Common side effects after vaccination include fever, mild rash and swollen glands in the cheeks or neck. These appear mostly during the first 7-12 days after the vaccination. Though rear, serious allergic reactions can include deafness, seizures, coma, lowered consciousness and permanent brain damage.

Identify diseases prevented by MMR vaccine:

  • Measles virus causes rash, cough, runny nose, eye irritation, and fever. It also can lead to ear infection, pneumonia, seizures. (jerking and staring), brain damage, and death as well.
  • Mumps virus causes headache, fever, muscle pain, loss of appetite, and swollen glands. It also can lead to deafness, meningitis (infection of the brain and spinal cord covering), painful swelling of the testicles or ovaries, and rarely sterility.
  • Rubella (German measles) causes rash, mild fever, swelling of glands in the neck etc. It further can cause brain swelling or bleeding problems. Pregnant mothers affected with Rubella during pregnancy will either experience miscarriage or will have children with serious birth defects such as blindness, deafness or with learning disabilities.

a T d: Adult formulation diphtheria and tetanus vaccine referred to as (aTd) is a booster given to children over 7 years and to adults.

Reactions following vaccination are mild and are confined to the area injected. Among commonly noted are inflammation together with transient fever, malaise and irritability. Occasional nodule may also develop.

DT / dTpa: dTaP provide protection against diphtheria, tetanus and pertussis. DT vaccine is used as a booster to the DTaP vaccine and helps prevent tetanus and diphtheria.

• Diphtheria is a disease that attacks the throat and heart. It can lead to heart failure and death.
• Tetanus is also called “lockjaw.” It can lead to severe muscle spasms and death.
• Pertussis (also called “whooping cough”) causes severe coughing that makes it hard to breathe, eat and drink. It can lead to pneumonia, convulsions, brain damage and death

There can be minor local reactions such as pain, redness and swelling round the injection site that may persists for several days. Mild systemic reactions Including fever, aches and malaise can occur following booster injections.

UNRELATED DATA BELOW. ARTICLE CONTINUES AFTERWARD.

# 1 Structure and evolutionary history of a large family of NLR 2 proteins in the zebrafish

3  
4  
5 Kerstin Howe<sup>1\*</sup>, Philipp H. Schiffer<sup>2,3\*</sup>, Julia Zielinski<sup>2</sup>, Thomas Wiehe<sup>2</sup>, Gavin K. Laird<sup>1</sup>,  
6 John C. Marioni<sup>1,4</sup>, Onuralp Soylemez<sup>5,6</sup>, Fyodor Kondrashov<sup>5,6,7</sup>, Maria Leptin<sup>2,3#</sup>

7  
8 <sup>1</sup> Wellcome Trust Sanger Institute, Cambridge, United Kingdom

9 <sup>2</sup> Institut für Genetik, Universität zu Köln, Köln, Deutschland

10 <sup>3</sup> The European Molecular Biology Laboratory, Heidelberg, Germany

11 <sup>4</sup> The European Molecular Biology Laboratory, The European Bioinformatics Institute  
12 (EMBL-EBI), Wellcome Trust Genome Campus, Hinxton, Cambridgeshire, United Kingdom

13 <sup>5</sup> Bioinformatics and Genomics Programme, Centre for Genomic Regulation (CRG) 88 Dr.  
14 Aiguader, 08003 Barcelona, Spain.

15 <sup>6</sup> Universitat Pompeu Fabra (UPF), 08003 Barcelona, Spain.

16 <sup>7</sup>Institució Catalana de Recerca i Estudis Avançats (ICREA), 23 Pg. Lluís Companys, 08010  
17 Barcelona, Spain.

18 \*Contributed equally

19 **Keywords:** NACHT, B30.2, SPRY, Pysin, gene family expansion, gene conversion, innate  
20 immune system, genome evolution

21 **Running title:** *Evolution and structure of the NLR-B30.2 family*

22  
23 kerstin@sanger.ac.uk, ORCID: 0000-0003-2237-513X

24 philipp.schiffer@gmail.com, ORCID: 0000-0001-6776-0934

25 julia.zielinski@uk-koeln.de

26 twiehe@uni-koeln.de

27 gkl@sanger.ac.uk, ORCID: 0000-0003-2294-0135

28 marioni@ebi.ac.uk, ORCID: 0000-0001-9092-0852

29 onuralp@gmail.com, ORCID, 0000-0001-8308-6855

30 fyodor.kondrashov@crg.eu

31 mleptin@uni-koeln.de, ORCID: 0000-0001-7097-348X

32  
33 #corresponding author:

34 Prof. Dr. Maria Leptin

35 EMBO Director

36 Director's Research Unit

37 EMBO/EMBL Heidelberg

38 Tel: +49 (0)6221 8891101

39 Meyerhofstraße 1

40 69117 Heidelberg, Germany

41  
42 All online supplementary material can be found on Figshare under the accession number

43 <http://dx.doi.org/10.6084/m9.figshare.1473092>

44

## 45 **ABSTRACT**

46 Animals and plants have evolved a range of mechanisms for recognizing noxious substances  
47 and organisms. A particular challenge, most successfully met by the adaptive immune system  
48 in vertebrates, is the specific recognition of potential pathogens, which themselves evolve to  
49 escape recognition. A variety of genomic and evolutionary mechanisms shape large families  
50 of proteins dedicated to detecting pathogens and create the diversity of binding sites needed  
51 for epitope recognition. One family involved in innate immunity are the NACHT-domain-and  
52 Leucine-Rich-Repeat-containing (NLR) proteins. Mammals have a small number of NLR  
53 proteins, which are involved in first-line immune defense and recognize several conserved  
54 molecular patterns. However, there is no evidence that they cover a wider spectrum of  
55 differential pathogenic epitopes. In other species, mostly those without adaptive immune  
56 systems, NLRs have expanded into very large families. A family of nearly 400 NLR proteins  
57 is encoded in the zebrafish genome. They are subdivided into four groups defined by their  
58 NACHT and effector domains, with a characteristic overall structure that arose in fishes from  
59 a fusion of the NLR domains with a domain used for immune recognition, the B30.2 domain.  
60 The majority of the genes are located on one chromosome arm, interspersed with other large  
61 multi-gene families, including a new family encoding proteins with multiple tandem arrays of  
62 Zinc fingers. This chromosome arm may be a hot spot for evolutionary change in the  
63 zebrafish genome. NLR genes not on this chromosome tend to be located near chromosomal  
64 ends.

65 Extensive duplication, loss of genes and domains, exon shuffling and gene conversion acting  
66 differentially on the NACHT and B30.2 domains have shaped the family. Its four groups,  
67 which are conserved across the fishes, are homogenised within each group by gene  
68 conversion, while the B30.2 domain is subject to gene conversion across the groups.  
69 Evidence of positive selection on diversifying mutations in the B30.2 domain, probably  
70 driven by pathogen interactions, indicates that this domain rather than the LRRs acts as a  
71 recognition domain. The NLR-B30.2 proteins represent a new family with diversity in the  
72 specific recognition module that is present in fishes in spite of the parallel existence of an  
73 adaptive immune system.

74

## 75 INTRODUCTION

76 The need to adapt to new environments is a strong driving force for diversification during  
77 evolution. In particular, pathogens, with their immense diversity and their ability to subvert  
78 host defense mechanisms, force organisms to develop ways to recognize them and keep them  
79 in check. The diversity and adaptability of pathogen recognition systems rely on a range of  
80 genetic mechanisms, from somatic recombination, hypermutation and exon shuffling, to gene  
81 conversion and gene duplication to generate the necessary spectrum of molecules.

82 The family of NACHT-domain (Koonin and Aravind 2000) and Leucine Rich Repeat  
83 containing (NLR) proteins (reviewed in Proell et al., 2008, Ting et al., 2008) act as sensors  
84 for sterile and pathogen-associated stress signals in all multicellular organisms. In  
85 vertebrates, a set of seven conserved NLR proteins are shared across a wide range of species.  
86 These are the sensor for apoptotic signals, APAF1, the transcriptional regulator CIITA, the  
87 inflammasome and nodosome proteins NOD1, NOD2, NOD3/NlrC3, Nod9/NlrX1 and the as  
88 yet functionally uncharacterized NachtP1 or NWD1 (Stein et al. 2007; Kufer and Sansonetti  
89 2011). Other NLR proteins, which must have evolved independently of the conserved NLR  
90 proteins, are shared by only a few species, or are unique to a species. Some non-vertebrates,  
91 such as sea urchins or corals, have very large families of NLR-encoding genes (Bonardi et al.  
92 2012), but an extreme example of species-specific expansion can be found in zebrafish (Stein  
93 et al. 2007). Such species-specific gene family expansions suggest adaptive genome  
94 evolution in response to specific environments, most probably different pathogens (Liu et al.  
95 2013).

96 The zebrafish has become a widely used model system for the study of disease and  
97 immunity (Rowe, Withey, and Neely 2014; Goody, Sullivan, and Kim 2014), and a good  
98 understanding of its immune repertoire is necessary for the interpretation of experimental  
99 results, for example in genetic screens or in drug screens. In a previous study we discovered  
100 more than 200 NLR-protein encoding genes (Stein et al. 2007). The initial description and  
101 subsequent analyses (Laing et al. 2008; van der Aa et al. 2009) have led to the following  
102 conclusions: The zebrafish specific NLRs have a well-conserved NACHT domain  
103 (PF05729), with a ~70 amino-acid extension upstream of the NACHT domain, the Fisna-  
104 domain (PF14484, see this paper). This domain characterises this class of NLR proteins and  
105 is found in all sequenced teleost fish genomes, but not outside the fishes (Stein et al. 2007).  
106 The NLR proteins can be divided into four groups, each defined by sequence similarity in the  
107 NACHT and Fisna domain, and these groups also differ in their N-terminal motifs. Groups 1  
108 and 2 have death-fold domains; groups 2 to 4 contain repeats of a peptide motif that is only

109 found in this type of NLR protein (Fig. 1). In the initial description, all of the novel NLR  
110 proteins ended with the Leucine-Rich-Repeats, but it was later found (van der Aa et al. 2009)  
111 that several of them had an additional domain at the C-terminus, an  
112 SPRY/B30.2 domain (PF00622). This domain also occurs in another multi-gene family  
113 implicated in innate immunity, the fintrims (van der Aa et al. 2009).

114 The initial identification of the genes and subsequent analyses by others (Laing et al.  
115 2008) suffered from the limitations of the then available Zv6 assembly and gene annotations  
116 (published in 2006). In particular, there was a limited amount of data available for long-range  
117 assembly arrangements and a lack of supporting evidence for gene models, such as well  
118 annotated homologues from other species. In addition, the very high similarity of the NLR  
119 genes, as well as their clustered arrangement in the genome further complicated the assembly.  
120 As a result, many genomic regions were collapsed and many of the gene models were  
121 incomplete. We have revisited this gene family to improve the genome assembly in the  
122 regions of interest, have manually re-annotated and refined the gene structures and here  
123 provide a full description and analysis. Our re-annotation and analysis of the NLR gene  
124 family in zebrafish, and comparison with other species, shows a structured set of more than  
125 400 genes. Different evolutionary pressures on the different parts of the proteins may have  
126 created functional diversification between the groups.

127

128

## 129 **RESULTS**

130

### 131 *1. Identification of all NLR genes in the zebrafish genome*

Jap B – Encephalitis (JE): Japanese encephalitis (JE) is a mosquito-borne disease spreaded through a virus. Many die out of the disease while those who survive will have permanent brain damage. Children will be immunized with the LJEV when one year is complete.
Those immunized may have local pain, swelling and redness, or fever. Rarely, some can develop neurologic symptoms such as encephalitis, gait disturbances and Parkinsonism.

Rubella: Rubella is a viral disease commonly known as German measles. Rubella infection in early pregnancy can lead to miscarriage, stillbirth or congenital rubella syndrome (CRS). Infants born with CSR may suffer multiple birth defects such as cataract, deafness, cardiac abnormalities, mental retardation, intellectual disabilities, intrauterine growth retardation and inflammatory lesions of the brain, liver, lungs and bone marrow.

Adverse reactions following rubella vaccination are generally mild. Common reactions include pain, redness and indurations at the site of injection. Apart from that, slight fever and rash, lymphadenopathy, myalgia and paraesthesiae are commonly reported.

The most accurate and updated information regarding vaccinations in Sri Lanka can be found in publications by Epidemiology Unit of Sri Lanka http://epid.gov.lk/ 

Their latest guides too are included in their website.

Note: You should get a vaccine schedule card from the hospital you go to, and this will be referred back to each time you go for a new vaccination. Some vaccine doses will change between private hospitals and government hospitals, so it is always recommended to meet your pediatrician before getting the next scheduled vaccine.

Related Article
Vaccine Schedule for Babies and Children in Sri Lanka